Everyone seems to have a childhood tomato or sweet corn memory of perfection. The beautiful perfectly flavored vine ripened tomato from the neighbor’s garden or the yellow and white sweet corn that didn’t need butter from the farm stand down the road. Today’s grocery store produce, bred for shelf life and shipping just doesn’t taste like real food anymore.

That’s why many cooks are turning to new resources for their produce. Farmer’s markets can provide tasty and often organically grown vegetables and fruits in season. Others are trying their hands at putting in their own gardens as both an economical and healthy approach to good eating. Seed companies have been developing collections of heirloom seeds, which are grown and handed down from generation to generation.

One Winslow, Maine-based company, Johnny’s Selected Seeds, has taken an evenhanded approach to the heirloom seed market for vegetables, fruits and flowers. The company’s founder, Rob Johnston, Jr., has built his company around the quality of his seeds. The company grows every seed they sell to test its viability, production and quality before adding it to the catalogue. Their research farm (left) features “three greenhouses, a hoophouse, and orderly fields of vegetables, herbs, and flowers” for the monitoring of the hundreds of seed varieties that Johnny’s offers.

Their approach to heirloom seeds is enthusiastic, but recognizes that older seed varieties can be less hardy, more susceptible to insects and disease, and less consistent in their yields. They work in cooperation with Seed Savers Exchange to perpetuate the 52 vegetable and 22 flower varieties they offer. For Johnny’s, taste is paramount in selecting the heirloom vegetables to propagate. For the novice and the pro gardener, Johnny’s website offers a wealth of information on each seed type they sell with tips on growing, fertilizing and harvesting.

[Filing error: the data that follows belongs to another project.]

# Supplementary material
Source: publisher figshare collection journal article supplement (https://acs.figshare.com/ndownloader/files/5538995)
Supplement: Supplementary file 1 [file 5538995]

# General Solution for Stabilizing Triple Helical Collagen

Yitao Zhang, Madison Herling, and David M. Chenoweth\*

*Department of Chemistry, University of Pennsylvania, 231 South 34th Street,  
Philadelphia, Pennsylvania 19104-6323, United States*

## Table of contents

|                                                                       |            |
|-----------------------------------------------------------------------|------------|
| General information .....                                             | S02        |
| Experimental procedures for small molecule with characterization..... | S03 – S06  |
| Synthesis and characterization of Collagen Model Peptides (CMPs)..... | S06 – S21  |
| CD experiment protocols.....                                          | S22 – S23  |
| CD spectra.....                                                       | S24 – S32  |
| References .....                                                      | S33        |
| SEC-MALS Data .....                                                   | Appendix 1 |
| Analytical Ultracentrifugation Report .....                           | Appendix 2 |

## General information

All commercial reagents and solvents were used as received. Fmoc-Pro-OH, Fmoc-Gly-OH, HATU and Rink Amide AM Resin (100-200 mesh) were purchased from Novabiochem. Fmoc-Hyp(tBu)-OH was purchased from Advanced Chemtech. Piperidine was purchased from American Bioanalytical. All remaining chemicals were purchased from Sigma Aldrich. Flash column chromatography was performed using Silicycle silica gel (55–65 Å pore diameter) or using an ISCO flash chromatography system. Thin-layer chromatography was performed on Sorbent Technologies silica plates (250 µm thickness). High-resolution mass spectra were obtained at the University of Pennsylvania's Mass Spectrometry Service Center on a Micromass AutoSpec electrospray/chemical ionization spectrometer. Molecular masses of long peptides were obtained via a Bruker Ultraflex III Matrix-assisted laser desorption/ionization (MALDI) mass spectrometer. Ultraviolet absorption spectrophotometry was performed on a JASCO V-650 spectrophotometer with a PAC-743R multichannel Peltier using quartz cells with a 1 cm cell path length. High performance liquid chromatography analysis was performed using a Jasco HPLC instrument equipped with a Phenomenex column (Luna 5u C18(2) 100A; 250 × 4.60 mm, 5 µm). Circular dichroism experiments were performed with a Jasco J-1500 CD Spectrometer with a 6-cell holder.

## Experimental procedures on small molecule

Johnny’s also offers naturally cross-bred hybrid seeds that can provide hardier growth, consistent yield and disease resistance.

Another seed company recognized for their heirloom seeds is the Baker Creek Heirloom Seed Company. Their approach is exclusively focused on heirloom seeds grown by generations of gardeners and farmers, offering “open pollinated, pure, natural and non-GMO seeds.” Their business has developed exponentially with the increasing resistance to genetically modified organism (GMO) crops, where plant DNA is modified with material from other organisms to improve aspects of the growth cycle or pest and disease resistance. It is uncertain whether these foods have any adverse or long-term effects on humans, animals or other species of plants.

According to Baker Creek’s Special Projects Manager Jerry Orton, unlike many hybrid seeds, heirloom seeds breed true to their species and can been carried down for generations. By Baker Creek’s definition an heirloom seed is one that has at least 50 years of historical provenance, some traced hundreds and even thousands of years as crops. Baker Creek features seeds that were preserved from Thomas Jefferson’s Monticello gardens. “One of the reasons these heirlooms have been handed down is that they tend to be naturally disease and insect resistant, Orton said. “Farmers would save the seeds if they didn’t produce.”

Baker Creek offers more than 140 varieties of tomatoes alone, including the brandywine tomato at right. “For me, taste is the ultimate decider,” Orton said. Baker Creek works with the Petaluma (Calif.) Seed Bank, which collects seeds from around the world. The company also promotes “grow outs” where customers are encouraged to collect seeds from their gardens and return them to Baker Creek for further regeneration.